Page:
This article then challenges Orwell, who suggested that cleaning up language would clean up the problem. The argument is that we now see many simply worded official pronouncements that are meaningful. Many are vapid exercises in evasion.

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Insanity and Rights

December 16, 2012 | By | 4 Replies More
Insanity and Rights

Doubtless whatever I say, someone will find fault, take offense, withdraw into positions, place guard dogs at the gates and lookouts in the towers. We are a people enamored of the idea of violence.  We like the idea that when it gets down to the proverbial nitty gritty we can and will kick ass and take names.  Americans are tough, not to be messed with, ready to exact justice by knuckles or 9.mm. . . .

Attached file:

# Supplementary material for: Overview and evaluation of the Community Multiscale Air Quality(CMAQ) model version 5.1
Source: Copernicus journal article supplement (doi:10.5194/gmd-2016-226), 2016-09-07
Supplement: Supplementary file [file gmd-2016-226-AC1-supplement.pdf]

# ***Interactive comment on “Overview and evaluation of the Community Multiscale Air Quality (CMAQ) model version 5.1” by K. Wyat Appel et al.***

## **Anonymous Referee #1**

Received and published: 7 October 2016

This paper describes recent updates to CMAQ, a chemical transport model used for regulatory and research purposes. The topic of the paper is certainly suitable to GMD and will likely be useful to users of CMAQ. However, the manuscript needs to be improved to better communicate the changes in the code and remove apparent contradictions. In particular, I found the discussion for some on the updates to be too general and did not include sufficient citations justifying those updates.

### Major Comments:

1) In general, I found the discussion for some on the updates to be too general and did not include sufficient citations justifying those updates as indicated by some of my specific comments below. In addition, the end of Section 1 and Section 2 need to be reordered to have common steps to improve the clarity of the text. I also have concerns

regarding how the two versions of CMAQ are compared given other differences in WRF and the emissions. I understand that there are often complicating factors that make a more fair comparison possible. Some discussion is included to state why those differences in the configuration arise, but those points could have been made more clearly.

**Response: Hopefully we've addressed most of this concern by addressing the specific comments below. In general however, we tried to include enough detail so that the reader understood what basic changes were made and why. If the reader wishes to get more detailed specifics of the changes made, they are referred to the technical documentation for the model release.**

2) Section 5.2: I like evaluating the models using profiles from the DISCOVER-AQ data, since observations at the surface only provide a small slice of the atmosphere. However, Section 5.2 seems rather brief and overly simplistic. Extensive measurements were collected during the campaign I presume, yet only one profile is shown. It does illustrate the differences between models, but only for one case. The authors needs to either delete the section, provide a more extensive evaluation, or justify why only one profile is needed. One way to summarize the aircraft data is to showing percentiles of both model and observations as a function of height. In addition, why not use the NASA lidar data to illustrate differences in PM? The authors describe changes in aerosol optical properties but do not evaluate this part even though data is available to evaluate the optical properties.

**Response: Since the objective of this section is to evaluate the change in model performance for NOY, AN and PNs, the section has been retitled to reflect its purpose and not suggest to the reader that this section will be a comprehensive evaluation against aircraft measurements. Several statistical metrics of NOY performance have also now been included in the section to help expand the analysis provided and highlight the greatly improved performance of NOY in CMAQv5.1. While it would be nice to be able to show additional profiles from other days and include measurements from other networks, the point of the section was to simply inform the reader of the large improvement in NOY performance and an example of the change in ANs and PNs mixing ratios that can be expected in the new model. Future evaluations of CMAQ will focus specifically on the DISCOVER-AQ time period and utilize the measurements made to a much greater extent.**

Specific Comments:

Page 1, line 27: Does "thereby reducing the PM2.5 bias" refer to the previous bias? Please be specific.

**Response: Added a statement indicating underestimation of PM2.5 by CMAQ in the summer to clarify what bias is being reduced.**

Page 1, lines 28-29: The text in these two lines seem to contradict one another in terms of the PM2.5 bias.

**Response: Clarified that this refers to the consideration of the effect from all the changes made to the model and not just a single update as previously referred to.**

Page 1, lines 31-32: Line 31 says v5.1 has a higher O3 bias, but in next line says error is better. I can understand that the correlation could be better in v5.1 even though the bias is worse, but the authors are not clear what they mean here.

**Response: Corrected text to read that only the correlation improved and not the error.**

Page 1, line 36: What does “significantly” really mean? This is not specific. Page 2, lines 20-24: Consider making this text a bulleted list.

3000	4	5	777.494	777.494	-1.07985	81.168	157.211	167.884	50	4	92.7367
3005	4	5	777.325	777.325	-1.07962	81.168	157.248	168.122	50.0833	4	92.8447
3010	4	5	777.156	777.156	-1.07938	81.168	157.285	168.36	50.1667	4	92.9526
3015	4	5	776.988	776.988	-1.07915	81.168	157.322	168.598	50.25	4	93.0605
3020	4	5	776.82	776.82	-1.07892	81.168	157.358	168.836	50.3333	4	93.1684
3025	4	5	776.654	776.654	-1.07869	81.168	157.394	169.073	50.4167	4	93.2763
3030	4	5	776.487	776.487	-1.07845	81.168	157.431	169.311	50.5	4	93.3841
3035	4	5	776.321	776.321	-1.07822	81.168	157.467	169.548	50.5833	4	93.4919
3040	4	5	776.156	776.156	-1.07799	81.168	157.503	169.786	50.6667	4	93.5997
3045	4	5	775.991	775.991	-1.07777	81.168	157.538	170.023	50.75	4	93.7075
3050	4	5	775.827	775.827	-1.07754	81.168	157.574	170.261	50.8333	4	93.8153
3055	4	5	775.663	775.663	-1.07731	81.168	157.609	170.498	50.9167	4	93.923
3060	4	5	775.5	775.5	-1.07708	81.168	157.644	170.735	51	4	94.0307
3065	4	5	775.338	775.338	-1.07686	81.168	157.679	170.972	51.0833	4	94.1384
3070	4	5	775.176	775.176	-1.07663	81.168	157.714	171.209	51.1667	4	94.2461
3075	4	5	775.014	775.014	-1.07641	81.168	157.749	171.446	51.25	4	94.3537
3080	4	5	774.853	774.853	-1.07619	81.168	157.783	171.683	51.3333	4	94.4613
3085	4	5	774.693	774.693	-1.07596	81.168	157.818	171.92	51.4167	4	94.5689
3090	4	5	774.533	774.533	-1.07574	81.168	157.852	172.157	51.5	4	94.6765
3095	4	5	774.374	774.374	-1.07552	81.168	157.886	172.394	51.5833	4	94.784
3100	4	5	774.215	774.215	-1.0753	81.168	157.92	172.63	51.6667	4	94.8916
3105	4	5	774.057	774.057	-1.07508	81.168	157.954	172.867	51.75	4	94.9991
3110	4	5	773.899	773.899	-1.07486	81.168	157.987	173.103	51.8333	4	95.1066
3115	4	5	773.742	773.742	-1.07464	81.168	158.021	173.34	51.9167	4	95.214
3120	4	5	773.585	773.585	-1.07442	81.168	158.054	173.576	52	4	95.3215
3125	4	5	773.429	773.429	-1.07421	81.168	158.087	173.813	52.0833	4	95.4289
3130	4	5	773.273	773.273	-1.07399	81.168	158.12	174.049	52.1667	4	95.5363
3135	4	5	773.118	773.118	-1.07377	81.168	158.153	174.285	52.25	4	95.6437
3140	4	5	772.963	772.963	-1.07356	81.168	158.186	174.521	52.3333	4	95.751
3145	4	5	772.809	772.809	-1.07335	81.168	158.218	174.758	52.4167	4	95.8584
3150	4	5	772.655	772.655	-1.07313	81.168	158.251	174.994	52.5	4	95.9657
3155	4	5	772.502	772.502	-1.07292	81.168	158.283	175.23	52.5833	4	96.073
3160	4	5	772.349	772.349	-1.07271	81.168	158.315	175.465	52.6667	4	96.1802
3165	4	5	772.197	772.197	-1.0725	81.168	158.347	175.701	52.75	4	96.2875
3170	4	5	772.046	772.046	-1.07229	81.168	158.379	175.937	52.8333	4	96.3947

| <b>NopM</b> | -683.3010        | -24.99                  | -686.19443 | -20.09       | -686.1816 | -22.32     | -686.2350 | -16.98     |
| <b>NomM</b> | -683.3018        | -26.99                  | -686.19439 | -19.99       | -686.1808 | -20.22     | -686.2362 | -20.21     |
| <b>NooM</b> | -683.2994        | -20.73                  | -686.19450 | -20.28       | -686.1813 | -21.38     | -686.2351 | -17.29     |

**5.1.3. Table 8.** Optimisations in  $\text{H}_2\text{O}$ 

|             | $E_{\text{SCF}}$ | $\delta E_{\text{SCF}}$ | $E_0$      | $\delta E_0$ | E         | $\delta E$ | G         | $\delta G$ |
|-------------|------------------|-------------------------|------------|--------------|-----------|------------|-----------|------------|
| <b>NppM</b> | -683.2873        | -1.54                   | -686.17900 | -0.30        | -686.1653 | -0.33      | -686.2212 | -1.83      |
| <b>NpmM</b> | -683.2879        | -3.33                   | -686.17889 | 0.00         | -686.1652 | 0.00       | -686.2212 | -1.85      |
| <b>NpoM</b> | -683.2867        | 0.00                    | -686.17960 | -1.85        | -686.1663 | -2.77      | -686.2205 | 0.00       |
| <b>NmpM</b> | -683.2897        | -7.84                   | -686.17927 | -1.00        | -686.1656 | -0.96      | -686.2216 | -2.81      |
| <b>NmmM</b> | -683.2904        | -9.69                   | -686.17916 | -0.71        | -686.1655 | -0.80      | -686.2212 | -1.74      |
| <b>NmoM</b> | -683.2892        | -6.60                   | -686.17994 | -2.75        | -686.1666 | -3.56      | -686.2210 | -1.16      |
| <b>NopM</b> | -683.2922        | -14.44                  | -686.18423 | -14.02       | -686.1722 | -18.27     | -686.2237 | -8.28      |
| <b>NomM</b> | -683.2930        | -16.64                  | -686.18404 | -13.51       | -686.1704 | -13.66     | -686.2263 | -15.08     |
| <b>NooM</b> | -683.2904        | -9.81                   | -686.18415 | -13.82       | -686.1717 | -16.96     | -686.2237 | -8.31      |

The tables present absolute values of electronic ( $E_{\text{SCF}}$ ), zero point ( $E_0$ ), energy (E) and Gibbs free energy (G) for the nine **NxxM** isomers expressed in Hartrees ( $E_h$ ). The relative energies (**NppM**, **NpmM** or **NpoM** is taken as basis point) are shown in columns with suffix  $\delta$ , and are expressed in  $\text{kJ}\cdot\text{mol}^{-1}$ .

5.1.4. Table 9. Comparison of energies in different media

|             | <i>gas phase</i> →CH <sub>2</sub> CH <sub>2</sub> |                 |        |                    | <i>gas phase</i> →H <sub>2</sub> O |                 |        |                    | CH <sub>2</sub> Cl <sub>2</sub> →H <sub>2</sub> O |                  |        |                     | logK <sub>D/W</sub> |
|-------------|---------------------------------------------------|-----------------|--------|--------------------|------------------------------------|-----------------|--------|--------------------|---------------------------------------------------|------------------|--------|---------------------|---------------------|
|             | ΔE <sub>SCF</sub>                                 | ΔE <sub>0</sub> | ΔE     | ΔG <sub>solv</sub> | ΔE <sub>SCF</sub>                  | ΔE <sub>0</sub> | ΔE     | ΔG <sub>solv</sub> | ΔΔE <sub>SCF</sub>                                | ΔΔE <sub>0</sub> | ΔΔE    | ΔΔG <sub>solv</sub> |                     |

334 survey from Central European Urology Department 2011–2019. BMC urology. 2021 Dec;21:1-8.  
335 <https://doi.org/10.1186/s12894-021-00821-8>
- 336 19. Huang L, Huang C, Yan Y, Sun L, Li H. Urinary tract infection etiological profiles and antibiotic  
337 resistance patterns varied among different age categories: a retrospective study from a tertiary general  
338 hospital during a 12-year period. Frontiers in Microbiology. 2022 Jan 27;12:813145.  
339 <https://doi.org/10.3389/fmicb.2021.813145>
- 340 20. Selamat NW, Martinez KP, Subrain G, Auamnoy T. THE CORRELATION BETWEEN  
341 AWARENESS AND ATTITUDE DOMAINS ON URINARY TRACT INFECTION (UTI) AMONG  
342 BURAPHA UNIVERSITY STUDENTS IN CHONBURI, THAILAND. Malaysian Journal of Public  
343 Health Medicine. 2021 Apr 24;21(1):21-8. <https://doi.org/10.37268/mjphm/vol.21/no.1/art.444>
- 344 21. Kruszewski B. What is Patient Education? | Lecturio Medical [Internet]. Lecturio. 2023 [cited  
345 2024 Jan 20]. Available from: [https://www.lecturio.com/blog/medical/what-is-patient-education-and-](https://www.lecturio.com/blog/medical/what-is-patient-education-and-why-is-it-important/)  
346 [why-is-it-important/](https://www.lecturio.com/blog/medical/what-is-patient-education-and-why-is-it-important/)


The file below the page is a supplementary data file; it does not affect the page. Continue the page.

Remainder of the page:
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More euphemisms for sex

November 27, 2012 | By | Reply More

I thought I had heard them all, but I hadn’t heard the euphemisms for sex from the 1800s. They include such terms as “Take a flyer” and “Lobster kettle.” I suppose people did have sex, even back in the 1800s.

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George Carlin discusses political talk

September 7, 2012 | By | Reply More

George Carlin was at his best when discussing the obfuscatory language used by politicians:

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Why 69 is obscene.

June 19, 2012 | By | Reply More
Why 69 is obscene.

According to a new report by Pew Charitable Trusts, the median length of the list of disclosures that you will be presented when you open a new checking account is 69 pages.